Those magnificent Ulster men and their flying machines
Members of the voluntary Ulster Aviation Society spend their days rebuilding old aircraft. They are a remarkable bunch
Alan Moller of the Ulster Aviation Society. Photograph: Charles McQuillan/Pacemaker
Ulster Aviation Society chairman Raymond Burrows with the newly acquired Phantom jet in the hangar at the former Maze prison site. Photograph: Charles McQuillan/Pacemaker
Fred Jennings of the Ulster Aviation Society. Photograph: Charles McQuillan/Pacemaker
A spitfire at the hangar. Photograph: Charles McQuillan/Pacemaker
In the Ulster Aviation Society’s crew room, there’s a sign on the wall. “If a man says he will fix it, he will,” it reads. “There is no need to remind him every six months.”
The sign tells you everything you need to know about this remarkable bunch of aviation enthusiasts: their wry humour, their passion, their deep affection for each other. In a freezing, crumbling second World War hangar in the grounds of the former Maze prison (Long Kesh before that), they spend their days contentedly putting old aircraft back together.
In the vast restoration space, a Chopin piano concerto, playing from a portable radio, drifts over the skeleton wings of ancient aircraft. The air smells agreeably of engine oil. Well wrapped up against the cold in boiler suits and caps, the volunteers – almost all of them retired men, from many different walks of life – are busy with screwdrivers, hammers and drills, each immersed in their project of choice. That’s how it works, according to the society’s chairman, Ray Burrows: everyone finds their own labour of love. “One guy, all he wants to do is polish aircraft. So he turns up on Saturday morning, gets out the Autoglym and he’s happy.”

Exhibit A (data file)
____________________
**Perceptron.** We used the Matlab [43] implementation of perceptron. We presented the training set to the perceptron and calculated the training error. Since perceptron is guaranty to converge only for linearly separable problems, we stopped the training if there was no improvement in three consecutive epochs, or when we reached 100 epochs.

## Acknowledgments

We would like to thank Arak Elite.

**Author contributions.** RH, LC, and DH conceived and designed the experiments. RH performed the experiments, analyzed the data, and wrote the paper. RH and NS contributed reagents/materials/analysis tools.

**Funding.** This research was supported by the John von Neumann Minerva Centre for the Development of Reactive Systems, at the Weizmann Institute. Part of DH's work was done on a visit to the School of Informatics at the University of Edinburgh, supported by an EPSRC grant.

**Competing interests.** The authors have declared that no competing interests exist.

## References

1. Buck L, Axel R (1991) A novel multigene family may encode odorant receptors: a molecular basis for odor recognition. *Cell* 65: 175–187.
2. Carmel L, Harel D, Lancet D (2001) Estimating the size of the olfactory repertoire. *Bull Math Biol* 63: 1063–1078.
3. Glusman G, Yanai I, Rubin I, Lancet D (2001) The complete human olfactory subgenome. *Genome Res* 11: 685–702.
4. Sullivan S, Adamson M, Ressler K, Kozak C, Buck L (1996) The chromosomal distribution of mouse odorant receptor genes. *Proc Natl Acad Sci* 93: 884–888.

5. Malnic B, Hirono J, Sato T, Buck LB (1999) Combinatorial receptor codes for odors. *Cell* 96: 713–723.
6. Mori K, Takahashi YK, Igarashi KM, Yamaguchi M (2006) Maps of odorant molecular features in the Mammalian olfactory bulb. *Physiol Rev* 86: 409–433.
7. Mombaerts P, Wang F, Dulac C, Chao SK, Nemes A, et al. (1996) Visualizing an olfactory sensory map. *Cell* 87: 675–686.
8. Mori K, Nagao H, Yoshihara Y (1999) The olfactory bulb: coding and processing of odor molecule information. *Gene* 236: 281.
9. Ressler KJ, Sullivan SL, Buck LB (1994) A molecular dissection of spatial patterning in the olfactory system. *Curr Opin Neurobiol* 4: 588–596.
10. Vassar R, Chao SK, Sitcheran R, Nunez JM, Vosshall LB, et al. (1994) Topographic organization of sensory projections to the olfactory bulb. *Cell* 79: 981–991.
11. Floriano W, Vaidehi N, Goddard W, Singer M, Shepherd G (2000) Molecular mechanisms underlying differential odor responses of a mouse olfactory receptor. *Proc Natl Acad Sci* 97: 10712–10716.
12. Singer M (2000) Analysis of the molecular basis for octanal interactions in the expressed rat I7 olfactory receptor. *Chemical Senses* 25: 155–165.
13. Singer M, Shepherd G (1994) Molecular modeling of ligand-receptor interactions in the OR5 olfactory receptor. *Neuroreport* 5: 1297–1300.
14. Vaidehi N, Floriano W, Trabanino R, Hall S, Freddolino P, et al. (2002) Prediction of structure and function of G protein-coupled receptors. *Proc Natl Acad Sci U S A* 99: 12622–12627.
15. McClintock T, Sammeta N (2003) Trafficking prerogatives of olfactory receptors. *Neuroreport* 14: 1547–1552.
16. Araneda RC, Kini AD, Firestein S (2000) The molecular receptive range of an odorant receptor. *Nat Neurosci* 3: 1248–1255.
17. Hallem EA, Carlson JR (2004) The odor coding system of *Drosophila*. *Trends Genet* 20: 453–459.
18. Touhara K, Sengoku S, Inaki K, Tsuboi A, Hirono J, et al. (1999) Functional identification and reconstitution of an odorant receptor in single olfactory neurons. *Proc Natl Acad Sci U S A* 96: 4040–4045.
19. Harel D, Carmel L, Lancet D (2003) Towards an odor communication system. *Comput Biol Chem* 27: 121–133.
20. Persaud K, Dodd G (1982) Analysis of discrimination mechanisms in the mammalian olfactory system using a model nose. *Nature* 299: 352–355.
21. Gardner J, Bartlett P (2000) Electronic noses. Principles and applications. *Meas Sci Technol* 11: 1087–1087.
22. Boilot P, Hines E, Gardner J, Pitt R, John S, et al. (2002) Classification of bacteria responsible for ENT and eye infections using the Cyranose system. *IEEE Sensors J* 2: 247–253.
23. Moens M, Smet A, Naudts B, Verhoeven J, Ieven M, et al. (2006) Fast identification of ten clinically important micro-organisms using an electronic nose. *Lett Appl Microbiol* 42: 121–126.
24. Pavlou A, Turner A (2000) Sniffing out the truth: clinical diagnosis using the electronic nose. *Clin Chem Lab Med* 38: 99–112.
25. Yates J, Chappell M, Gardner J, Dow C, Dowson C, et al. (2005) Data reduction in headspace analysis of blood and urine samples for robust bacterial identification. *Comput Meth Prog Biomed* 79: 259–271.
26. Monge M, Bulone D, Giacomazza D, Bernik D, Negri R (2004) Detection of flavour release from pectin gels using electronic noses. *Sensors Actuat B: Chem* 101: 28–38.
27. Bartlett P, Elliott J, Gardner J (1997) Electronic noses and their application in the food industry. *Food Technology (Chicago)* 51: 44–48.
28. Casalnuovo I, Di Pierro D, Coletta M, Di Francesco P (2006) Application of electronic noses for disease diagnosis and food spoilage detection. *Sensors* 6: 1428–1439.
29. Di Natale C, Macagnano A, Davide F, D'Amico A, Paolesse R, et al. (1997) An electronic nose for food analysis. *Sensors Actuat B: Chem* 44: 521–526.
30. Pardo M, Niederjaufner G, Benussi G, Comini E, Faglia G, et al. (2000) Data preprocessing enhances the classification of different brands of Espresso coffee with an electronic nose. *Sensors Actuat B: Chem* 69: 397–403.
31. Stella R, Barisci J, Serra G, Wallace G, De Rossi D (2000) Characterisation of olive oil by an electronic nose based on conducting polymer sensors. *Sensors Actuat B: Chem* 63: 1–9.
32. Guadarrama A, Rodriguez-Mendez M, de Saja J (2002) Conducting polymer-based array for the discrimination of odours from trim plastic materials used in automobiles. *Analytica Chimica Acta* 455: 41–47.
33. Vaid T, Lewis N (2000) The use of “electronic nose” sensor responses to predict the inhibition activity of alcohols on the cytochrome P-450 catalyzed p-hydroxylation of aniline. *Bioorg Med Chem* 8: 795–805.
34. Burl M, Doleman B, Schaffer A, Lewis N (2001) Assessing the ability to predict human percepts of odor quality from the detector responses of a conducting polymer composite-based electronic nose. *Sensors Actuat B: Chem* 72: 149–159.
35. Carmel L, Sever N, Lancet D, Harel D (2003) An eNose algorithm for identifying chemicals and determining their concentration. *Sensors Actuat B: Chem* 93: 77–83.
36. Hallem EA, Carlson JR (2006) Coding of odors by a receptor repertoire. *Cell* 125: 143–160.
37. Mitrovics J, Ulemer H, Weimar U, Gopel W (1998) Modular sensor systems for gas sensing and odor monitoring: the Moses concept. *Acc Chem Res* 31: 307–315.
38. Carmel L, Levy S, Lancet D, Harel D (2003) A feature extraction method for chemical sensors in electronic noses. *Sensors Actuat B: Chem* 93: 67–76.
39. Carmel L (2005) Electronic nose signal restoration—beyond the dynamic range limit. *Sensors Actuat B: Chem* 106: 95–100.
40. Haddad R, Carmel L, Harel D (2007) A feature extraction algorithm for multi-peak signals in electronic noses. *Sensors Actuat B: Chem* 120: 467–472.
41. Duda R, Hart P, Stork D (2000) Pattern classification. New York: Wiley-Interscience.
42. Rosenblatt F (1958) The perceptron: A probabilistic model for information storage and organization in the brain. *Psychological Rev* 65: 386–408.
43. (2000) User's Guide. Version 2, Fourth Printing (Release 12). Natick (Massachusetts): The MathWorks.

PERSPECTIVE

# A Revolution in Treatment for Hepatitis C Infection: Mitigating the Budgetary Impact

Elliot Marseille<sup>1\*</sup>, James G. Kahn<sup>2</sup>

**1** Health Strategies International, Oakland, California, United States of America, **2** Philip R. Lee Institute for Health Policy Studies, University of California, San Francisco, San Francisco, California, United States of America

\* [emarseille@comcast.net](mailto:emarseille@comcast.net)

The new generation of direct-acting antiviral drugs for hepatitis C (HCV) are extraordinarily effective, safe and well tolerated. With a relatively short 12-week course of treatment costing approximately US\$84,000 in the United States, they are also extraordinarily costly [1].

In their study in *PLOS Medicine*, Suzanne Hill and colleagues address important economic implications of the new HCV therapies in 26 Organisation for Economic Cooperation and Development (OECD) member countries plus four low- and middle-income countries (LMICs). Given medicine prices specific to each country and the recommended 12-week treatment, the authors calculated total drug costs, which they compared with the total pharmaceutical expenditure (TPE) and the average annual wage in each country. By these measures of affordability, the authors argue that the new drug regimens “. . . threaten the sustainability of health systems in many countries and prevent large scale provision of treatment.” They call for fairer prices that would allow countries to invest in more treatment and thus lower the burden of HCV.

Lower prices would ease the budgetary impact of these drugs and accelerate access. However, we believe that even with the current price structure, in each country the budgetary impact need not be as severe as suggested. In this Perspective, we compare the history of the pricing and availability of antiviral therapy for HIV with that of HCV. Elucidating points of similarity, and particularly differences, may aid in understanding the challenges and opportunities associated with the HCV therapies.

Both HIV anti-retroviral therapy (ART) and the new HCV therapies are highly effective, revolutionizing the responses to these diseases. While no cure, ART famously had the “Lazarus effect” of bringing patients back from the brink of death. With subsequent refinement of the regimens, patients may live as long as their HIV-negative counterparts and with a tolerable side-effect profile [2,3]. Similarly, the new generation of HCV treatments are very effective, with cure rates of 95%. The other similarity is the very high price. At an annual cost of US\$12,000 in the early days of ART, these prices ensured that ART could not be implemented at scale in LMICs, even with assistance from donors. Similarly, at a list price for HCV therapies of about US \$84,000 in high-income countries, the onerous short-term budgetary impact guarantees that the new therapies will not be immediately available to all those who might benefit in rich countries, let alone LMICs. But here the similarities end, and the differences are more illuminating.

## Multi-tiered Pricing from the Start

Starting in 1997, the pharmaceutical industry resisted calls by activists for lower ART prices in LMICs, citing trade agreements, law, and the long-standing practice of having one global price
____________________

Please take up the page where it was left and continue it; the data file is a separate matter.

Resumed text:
Others, such as Harry Munn, are entranced by particular aircraft and their history. “I was a joiner by trade, and I do bits and pieces of everything here, but it was the Wildcat that really drew me,” he says. He’s talking about the Grumman F4F Wildcat, the only second World War aircraft in the society’s collection. The naval fighter craft spent almost 40 years immersed in water after an engine fire during take-off from Long Kesh airfield on Christmas Eve 1944 forced the pilot to ditch in nearby Portmore lough.
In April 1984 the society recovered the Wildcat, by that time little more than a corroded hulk of metal. They winched it out of the lough with a helicopter. Since then, the devoted volunteers have been painstakingly bringing the aircraft back to life. It is still a work in progress. The plan is to get the name of the pilot, Peter Lock, stencilled on the side of the fuselage. Lock, who was 19 at the time of the crash, still takes an interest in the restoration of the old war-bird. “If we did that, I reckon he’d go to heaven a happy man,” smiles Ray Burrows.
“To me, it’s fascinating to see how the aircraft was made, the technology that went into it. Parts of it are so flimsy, but together they’re so strong,” says Munn, who joined the organisation in 2008, after his wife died. “I started coming just one day a week, but now I’m here on Tuesdays, Wednesdays, Fridays, and I bring in an apple tart on Saturdays. I look forward to it every time. I like making things, preparing things. And the craic is terrific; the guys are great.”
Lot of patience